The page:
Sessioneer Raphael Ravenscroft’s sax solo on Gerry Rafferty's Baker Street also came under scrutiny. The excitement here for me being that now I knew the name of the guy whose introductory six notes still echo round my memory as they do around the world a good thirty years on. The boys were a little more pragmatic. Their eyes lit up as they indulged in some in-crowd banter along the lines of would he, wouldn't he, had he, hadn't he gone for a slice of the booty himself. Depends which bridge you're looking from I suppose.

On we sailed. Feigning a street wisdom that they hadn't had to scrape off their shoes since they'd scuttled up the gangplank themselves all those years ago Dave and the boys championed the vibrancy of the acoustic scene. They agreed that folk music was really rather jolly good stuff after all (even shanties probably) and referred to obscure uilleann pipers to prove they had done their research.

Suddenly we seemed to have run out of wind. Becalmed amongst artistic considerations the bridge didn't quite know what to do. They perked up on entering financial waters once more however, and got quite excited about how to charge YouTube for the use of Snow Patrol material in the myriad of teeny mimers’ posted video clips. (That'll teach the little bastards. Who do they think they are anyway?)

They were nothing if not comprehensive. But in their exposition of the intricate channels and bountiful lagoons of a music biz establishment they seemed to know like the backs of their hands, was there maybe one C missing? Were they actually convincing?

Not to everybody it seemed. ‘This is all old school,’ came a broadside from the woolly hatted mutineer in the front row. Sure enough there he was, five foot and a gust, and enough attitude to sort out a colossal cephalopod (thats giant squid to you) with one hand while packing the fathomles memory of his iPod with the other. ‘This is the internet age,’ he said, ‘I’m going to put my stuff on my website and make money from selling the advertising space.’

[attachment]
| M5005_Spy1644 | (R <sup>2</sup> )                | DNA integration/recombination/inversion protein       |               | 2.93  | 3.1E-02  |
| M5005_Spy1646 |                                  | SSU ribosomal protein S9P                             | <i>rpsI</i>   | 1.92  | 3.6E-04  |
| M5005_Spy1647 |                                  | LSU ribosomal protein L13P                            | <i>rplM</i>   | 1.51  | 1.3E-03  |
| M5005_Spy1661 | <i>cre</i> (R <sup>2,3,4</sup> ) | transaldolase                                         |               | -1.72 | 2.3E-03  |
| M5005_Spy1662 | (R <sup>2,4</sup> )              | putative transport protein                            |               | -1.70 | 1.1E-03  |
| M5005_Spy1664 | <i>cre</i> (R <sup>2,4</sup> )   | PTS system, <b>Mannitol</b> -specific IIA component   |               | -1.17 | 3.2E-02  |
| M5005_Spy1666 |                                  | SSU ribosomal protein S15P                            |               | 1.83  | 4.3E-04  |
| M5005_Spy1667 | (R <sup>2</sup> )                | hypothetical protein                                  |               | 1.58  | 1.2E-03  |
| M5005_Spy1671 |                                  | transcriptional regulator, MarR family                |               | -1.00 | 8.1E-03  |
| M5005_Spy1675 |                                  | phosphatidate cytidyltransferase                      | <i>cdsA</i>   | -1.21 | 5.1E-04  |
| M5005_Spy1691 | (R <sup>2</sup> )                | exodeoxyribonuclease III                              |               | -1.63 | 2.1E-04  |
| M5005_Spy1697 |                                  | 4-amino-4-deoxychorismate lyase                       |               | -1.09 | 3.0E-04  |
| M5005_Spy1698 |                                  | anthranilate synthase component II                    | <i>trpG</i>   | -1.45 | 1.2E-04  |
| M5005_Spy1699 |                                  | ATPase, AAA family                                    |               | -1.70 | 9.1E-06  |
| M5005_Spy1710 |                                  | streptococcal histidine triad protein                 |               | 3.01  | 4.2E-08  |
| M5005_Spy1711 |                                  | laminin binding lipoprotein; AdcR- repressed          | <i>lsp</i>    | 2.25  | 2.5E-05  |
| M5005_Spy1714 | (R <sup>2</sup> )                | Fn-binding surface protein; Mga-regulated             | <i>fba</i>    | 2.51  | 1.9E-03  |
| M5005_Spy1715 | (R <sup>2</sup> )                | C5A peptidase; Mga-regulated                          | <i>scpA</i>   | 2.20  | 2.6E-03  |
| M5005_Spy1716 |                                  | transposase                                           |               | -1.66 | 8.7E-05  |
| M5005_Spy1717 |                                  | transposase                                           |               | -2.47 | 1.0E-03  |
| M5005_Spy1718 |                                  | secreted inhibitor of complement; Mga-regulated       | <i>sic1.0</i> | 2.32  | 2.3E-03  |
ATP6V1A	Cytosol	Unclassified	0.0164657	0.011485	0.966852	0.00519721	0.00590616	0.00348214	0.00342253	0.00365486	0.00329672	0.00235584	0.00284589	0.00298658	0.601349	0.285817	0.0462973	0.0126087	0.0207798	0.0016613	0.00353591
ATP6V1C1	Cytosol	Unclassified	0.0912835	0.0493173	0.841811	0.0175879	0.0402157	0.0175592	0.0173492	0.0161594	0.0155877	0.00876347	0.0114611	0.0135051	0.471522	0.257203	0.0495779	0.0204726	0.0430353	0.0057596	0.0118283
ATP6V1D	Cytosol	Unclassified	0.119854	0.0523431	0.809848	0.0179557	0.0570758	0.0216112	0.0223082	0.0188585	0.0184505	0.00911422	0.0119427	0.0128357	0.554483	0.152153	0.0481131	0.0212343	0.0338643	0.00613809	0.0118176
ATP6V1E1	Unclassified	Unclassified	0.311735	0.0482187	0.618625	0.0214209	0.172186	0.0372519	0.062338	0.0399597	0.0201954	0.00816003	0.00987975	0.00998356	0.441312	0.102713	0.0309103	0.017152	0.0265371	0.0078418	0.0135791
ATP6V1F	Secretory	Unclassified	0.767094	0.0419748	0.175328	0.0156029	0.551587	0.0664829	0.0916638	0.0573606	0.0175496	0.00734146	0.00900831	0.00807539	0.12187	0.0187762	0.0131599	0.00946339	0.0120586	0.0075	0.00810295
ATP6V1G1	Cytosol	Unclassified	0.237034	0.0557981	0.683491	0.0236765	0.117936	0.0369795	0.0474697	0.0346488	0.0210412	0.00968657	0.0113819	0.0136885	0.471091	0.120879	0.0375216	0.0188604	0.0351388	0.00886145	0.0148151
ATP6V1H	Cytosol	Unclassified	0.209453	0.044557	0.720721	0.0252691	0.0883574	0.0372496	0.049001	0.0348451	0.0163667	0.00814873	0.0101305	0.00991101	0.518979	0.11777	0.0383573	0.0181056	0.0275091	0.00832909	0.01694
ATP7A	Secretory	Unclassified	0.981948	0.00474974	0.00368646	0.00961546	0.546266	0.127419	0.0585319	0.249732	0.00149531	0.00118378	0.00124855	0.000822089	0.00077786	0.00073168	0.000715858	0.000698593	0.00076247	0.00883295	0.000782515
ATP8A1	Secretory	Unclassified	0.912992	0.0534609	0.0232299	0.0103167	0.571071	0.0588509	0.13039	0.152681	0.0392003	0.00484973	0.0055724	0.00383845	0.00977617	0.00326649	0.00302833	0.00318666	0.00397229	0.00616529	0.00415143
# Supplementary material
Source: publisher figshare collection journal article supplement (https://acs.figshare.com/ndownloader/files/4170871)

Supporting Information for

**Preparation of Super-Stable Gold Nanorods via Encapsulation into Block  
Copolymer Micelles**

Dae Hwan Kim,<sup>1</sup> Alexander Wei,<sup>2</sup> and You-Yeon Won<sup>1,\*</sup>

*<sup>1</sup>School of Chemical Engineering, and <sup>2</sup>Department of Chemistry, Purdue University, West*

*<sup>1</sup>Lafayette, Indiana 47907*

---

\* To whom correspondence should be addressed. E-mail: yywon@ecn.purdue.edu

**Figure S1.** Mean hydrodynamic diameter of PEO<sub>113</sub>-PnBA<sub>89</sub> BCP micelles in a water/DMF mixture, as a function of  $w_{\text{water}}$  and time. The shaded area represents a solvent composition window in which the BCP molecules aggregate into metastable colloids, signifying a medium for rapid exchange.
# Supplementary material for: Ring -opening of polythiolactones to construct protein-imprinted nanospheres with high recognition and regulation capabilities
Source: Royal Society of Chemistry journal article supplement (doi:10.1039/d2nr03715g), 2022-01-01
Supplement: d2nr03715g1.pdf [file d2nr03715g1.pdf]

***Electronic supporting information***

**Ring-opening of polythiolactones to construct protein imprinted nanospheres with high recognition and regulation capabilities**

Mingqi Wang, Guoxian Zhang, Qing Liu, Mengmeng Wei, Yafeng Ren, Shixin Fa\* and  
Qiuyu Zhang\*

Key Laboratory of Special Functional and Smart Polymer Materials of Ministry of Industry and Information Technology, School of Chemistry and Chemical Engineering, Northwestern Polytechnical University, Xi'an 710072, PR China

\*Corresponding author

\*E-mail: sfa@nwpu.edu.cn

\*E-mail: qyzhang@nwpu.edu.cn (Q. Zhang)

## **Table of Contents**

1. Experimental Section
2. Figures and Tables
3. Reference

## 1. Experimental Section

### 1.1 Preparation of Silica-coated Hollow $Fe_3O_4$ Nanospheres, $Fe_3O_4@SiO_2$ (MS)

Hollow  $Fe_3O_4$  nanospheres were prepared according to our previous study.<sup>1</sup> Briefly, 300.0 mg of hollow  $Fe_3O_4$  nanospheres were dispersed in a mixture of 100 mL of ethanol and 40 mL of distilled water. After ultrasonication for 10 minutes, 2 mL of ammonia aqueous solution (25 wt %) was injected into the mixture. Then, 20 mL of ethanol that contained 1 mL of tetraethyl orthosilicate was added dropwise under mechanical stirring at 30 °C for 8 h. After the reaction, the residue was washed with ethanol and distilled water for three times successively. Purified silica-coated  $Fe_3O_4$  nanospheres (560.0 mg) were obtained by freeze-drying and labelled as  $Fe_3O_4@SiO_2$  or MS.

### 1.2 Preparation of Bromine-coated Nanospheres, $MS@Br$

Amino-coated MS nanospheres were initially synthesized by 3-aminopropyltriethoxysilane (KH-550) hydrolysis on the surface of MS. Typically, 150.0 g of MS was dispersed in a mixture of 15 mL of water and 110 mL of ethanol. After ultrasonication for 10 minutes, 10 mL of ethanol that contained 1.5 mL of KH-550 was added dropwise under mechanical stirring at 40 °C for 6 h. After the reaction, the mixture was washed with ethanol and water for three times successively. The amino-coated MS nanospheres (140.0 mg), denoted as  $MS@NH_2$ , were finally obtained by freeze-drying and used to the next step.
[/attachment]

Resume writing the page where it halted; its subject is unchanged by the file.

From a bridge who had already publically doubted the existence of an effective way of digitally tagging a song and had admitted that the music industry’s own system of digital rights collection was failing fast, there was a fair degree of cautionary huffing. Not a little puffing. And the unavoidable sense of nautical types pulling the deckchairs closer together as it got a bit cooler on the Titanic.

That young buccaneer definitely got up their Richter scale. It was just tricky to tell how far. Those intent on wriggling aboard didn't seem to want hear that their salvation might actually start leaking like a sieve at any moment. By contrast those who had already kicked, bitten and gouged their way up the gangplank, and who one might expect could read the wind better than most, looked mighty worried. Worried in the way that an opulent blancmange might look worried on hearing that there is a particularly malevolent tsunami heading right here, right now.

On the basis that the best thing to do when faced with something thats just too hard to handle is stuff your face, the morning's ‘Business of Music’ session hove to for lunch. Seeking shelter from the storm perhaps? But was there any? In the internet age things move fast. By the time the crew had started tucking into their tack (or tackling their tuck or whatever it is that matelots do when the rest of us are eating) the question blowing in the rigging had morphed into ‘Is There Going To Be Any Kind Of Music Business Left Anyway?’

..... continued below, shipmates.

1 comment:

Anonymous said...

I spent a couple of nights in Bristol last weekend and I can confirm everything you say - but worse.